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Levin's "Oogy"

June 8, 2012 - Jodelle Greiner
I like dogs, so when I saw the book “Oogy” and the picture of the white dog on the front, I was interested. Then I read the synopsis and I really wanted to read the book, but at the same time, I was afraid to.

Oogy was still a puppy when Larry Levin and his twin sons, Noah and Dan, met him in the animal hospital. Within seconds, Levin and the boys decided they wanted to take the white puppy home. Convincing wife and mom Jennifer it was a good idea was the least of their worries.

The puppy they named Oogy had come to the animal hospital after being used as bait for dog fighting. Oogy’s head had been badly torn up — Levin at first thought he’d been burned and Oogy was missing his left ear— and he nearly died from his injuries.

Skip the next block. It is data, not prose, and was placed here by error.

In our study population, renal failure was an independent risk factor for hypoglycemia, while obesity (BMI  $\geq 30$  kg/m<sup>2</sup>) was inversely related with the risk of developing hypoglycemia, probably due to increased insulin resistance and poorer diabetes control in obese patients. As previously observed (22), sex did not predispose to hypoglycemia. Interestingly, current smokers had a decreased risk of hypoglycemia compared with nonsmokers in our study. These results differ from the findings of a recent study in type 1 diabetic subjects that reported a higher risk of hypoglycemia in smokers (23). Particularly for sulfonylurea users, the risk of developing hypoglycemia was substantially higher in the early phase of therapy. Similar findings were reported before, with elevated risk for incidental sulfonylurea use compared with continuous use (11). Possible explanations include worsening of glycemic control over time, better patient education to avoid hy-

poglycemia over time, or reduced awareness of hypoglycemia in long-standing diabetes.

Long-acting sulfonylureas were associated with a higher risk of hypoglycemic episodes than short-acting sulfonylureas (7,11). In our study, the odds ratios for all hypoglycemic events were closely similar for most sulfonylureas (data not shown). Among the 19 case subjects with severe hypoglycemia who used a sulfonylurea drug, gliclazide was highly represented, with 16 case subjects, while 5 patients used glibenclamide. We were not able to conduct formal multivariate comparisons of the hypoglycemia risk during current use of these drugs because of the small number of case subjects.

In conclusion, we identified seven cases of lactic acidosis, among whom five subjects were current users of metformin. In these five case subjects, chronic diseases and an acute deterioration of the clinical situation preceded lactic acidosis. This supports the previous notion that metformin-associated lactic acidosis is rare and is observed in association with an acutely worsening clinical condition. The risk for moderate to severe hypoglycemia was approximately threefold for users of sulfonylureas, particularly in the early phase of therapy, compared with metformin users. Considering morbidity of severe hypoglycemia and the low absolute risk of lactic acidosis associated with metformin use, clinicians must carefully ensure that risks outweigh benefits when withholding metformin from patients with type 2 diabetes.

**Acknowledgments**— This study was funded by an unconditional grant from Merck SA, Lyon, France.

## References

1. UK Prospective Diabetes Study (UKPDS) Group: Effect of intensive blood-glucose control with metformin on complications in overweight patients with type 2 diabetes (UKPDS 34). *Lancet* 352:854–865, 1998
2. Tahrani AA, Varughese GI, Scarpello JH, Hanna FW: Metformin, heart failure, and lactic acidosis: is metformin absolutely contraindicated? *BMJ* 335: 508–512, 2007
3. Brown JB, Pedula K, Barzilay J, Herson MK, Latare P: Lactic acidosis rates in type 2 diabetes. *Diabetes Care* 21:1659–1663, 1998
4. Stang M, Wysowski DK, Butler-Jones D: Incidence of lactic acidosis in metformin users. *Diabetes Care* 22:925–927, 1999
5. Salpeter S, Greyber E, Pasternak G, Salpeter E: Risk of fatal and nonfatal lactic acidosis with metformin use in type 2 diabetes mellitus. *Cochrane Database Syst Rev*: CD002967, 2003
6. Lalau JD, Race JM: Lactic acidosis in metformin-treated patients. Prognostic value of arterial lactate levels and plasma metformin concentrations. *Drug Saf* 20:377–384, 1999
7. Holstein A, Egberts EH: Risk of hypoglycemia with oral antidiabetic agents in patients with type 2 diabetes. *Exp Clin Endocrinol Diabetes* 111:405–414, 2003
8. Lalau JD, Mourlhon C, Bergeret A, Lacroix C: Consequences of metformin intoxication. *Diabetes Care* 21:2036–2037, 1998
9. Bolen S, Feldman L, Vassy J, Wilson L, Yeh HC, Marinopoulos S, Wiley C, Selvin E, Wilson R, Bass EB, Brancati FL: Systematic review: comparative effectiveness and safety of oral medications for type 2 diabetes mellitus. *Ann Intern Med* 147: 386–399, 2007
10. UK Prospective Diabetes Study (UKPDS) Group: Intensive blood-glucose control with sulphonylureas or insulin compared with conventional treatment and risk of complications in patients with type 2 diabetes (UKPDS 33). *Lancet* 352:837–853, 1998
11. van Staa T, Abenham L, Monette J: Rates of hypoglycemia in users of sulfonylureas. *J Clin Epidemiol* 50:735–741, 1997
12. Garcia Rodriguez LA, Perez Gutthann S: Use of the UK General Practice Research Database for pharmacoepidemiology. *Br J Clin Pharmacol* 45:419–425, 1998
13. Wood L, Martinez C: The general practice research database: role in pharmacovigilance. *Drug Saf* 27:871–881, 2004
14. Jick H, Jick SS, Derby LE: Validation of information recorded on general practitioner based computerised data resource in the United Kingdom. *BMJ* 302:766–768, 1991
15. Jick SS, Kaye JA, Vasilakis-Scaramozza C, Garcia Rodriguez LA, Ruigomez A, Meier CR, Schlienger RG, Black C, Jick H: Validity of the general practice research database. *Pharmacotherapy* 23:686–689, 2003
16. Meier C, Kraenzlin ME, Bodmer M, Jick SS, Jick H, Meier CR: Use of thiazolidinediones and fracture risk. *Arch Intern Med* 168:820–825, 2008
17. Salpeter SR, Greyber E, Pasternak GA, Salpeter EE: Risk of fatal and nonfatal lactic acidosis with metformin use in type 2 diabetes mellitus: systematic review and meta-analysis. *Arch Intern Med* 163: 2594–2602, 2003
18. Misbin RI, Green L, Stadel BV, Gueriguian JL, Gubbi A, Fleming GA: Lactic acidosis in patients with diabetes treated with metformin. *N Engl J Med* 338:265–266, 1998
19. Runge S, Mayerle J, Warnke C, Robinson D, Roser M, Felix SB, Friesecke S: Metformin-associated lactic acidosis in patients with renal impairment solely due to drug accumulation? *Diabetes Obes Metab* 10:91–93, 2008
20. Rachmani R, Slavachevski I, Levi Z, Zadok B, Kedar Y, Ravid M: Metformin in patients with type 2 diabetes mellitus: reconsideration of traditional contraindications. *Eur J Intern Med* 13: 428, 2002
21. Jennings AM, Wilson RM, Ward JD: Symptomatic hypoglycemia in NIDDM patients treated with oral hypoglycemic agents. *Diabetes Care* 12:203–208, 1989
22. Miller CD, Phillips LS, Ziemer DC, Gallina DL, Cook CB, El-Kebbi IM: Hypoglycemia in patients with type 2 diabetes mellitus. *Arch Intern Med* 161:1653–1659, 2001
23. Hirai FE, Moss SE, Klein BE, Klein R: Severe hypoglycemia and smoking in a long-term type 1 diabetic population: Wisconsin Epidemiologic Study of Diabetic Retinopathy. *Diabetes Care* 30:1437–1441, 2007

In spite of Oogy’s less than pretty appearance and history, the Levins still wanted him. They were told Oogy was about 4 months old, a pit bull and would top out at 50 to 55 pounds. There were worries, especially on Jennifer’s part, that Oogy would be aggressive. None of that proved to be true.

Levin tells of the different reactions they have gotten from people — both good and fearfully misinformed — and the lessons the family has learned. Some parts of the book may be difficult for some because he does talk about dog fighting and describes in detail the surgeries Oogy has had. But for the most part, this is a book about a dog and his family.

There’s no way to tell Oogy’s story without telling that of the boys. Oogy earned the nickname “The Third Twin” and he’s been a way for Levin to teach his kids values from caring for Oogy’s special needs and to learn more about what his sons think of their adoption.

Everyone thinking about owning a dog should read this book because Levin does a good job of describing what it’s like to have a dog in the house. Levin and his family made a commitment to keep Oogy for life, no matter what, and they have gone to some lengths to make that happen. Oogy has special needs — he’s had several surgeries, some for his puppyhood injuries and some not — but he is also “Everydog” and the perfect example of the work and joy that comes with having pets.


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